Ian was the experimenter in the family. He discovered when you stretch cloth tight a parrot’s beak cannot grip and slides on the fabric rather than penetrates skin. So to demonstrate this new found and valuable scientific discovery he performed for the neighbourhood children sitting on Pretty’s cage while the bird tried diligently to inflict punishment for that insult. But to no avail! The more Pretty’s beak slid on that taut fabric covering Ian’s posterior the more Pretty would shriek in frustration. However in the last of those scientific demonstrations Ian got the giggles, the fabric loosened and as a result Pretty found her target with immense satisfaction. This time blood flowed, but not from fingers. The experiment was discontinued.
But all was forgotten next day when Pretty rocked over to the side of the cage, turned her head ninety degrees and presented herself for her daily grooming. Ian gingerly extended a finger ready to withdraw at great speed if necessary, but peace reigned in Pretty’s world and there was no more cause for concern.
“© Copyright Ian Grice 2011. All rights reserved”
The Australian Galah (a thorough summary)
The Word Galah
Galah is an English word (Australian) pronounced ga-lah.
It originates from the Yuwaalaraay (Aboriginal language of southeast Australia) word gilaa.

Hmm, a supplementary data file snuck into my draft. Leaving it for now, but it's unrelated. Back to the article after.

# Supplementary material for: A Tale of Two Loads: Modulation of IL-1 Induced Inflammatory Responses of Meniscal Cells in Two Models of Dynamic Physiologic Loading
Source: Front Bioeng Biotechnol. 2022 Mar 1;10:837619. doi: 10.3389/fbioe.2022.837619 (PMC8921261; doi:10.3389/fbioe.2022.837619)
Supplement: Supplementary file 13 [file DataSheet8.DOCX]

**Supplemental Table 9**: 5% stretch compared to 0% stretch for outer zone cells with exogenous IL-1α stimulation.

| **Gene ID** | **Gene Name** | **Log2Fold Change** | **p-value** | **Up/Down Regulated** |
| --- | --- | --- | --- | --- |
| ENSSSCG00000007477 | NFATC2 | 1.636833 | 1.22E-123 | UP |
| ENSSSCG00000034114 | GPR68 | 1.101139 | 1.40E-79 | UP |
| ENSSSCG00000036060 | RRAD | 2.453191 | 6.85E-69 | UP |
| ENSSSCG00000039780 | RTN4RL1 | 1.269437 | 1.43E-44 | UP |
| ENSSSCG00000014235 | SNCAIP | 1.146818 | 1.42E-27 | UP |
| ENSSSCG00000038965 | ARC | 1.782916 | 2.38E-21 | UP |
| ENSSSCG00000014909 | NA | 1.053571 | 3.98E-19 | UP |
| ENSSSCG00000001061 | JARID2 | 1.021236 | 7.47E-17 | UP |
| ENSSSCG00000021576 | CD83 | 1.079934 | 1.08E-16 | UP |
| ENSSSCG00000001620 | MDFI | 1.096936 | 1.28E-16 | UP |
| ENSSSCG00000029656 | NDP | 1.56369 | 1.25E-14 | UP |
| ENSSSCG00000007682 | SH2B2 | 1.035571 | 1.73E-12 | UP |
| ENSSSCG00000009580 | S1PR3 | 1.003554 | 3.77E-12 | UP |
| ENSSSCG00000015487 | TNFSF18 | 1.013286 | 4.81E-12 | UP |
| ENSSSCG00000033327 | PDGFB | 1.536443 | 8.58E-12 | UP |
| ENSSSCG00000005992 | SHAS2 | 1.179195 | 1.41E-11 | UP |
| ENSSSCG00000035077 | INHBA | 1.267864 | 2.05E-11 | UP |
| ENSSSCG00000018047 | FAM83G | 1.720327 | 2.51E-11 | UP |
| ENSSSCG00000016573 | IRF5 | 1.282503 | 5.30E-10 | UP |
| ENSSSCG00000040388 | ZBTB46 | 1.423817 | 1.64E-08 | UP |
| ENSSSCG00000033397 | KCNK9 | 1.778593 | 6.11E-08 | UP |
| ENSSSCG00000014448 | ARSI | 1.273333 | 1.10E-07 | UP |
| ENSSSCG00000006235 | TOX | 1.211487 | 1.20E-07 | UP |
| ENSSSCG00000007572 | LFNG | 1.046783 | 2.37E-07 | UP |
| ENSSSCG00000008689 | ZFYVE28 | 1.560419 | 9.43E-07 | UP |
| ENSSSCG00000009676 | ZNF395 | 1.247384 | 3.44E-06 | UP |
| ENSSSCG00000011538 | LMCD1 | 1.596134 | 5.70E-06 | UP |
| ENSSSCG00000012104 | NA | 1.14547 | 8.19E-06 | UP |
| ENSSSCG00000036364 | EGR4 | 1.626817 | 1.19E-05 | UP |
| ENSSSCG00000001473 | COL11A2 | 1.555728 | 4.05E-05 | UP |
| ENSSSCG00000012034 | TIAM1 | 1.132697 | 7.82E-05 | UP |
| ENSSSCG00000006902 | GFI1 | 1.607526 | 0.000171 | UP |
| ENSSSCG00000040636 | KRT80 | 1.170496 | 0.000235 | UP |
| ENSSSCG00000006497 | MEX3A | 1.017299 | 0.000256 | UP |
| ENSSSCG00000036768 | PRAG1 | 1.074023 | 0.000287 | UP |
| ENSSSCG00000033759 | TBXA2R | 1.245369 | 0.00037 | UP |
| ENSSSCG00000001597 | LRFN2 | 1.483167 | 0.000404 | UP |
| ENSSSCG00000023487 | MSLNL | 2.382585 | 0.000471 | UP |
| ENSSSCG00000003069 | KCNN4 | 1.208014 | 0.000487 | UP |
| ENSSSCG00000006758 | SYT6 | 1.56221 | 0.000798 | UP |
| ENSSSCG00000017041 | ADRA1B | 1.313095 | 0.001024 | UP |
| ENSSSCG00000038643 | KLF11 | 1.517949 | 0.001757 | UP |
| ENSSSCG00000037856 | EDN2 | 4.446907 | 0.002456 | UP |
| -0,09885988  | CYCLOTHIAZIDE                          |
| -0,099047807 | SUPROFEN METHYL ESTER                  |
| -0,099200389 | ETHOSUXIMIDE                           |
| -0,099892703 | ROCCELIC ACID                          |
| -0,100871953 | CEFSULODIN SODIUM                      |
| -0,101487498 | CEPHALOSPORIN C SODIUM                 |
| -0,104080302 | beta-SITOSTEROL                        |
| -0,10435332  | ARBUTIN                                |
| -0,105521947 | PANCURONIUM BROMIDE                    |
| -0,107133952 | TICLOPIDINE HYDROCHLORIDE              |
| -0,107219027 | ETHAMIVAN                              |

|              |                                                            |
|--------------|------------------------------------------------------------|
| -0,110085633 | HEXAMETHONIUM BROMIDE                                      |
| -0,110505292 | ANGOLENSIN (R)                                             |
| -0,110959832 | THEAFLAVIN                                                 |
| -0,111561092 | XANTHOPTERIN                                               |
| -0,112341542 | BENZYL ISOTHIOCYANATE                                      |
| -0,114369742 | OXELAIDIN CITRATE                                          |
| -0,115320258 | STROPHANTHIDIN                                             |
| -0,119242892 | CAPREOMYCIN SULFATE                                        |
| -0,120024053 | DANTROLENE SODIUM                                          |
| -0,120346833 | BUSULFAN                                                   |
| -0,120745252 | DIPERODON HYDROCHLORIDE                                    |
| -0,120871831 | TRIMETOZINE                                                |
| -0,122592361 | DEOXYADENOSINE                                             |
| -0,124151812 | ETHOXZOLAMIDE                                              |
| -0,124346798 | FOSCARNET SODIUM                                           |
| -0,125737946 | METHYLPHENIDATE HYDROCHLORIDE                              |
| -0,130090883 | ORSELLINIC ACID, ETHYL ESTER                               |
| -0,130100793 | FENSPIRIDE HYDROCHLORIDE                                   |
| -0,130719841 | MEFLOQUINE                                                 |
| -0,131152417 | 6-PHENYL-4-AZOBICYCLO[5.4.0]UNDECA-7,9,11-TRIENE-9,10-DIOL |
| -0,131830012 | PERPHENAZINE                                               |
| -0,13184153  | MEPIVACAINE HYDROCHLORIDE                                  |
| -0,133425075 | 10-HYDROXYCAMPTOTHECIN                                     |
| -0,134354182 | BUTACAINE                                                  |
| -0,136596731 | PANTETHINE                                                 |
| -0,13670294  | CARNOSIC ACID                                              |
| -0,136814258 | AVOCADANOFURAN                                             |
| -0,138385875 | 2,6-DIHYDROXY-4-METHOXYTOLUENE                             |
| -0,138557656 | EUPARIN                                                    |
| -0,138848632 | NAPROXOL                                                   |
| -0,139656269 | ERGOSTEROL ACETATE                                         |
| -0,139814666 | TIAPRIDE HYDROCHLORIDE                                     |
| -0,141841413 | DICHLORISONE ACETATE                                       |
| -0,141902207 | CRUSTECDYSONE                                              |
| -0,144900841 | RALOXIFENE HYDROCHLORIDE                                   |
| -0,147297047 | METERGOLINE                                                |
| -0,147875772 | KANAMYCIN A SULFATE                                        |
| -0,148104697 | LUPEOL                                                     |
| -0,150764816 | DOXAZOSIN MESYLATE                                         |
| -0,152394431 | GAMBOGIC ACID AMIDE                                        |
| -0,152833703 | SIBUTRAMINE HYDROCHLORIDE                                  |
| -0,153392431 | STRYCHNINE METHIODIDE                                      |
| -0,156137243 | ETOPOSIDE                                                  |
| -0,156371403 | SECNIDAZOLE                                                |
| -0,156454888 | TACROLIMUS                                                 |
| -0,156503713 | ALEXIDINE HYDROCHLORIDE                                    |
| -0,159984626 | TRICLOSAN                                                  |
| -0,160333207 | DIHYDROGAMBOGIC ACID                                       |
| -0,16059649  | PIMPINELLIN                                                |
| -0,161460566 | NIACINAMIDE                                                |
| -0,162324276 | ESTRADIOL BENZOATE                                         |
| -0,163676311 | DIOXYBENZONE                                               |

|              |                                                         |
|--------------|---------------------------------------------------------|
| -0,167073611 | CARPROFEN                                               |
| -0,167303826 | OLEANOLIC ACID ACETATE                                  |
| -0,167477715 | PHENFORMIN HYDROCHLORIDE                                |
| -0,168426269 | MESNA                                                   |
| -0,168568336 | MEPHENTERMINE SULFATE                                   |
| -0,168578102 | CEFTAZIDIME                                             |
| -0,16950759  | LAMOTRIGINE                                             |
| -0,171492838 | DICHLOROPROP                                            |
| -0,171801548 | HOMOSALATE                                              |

Galahs Scientific Name
This is highly disputed between…
The Cacatua genus includes the Sulphur-Crested Cockatoos.
Bird Group : Psittaciformes – Cockatoos, Parrots
Bird Family : Cacatuidae – Cockatoos, Cockatiel
Bird Name : Cacatua roseicapilla – Galah
Galahs are 35 – 38 centimetres in length and weight between 300 – 435 grams.
Galahs flight feathers and back are grey;
The Galahs crown is pale pink (almost white);
The neck and underparts of the Galah are rose-red.
Males: Dark brown iris (area of the eye that surrounds the pupil)
Females: Pink iris and their body is generally smaller in size.
galahs have greyish plumage and a grey periophthalmic ring (naked area around their eyes) fades as the galah approach the immature stage.
galahs will have a pale brown iris. The periophthalmic will develop more wrinkles as the galah ages.
Three Sub-Species of Galahs
EASTERN – E. roseicapillus roseicapillus
These galahs are found in central and northern Australia.
Roseicapillus Galahs have a pink periophthalmic ring.
WESTERN – E. roseicapillus assimilis
These galahs are found in Western Australia as far north as the Fortescue and probably the De Grey Rivers. Assimilis Galahs general have a paler plumage; crown more strongly suffused with pink; naked periophthalmic ring greyish white.
NORTHERN – E. roseicapillus Kuhli
These galahs are found in the Kimberly region of (northern) Western Australia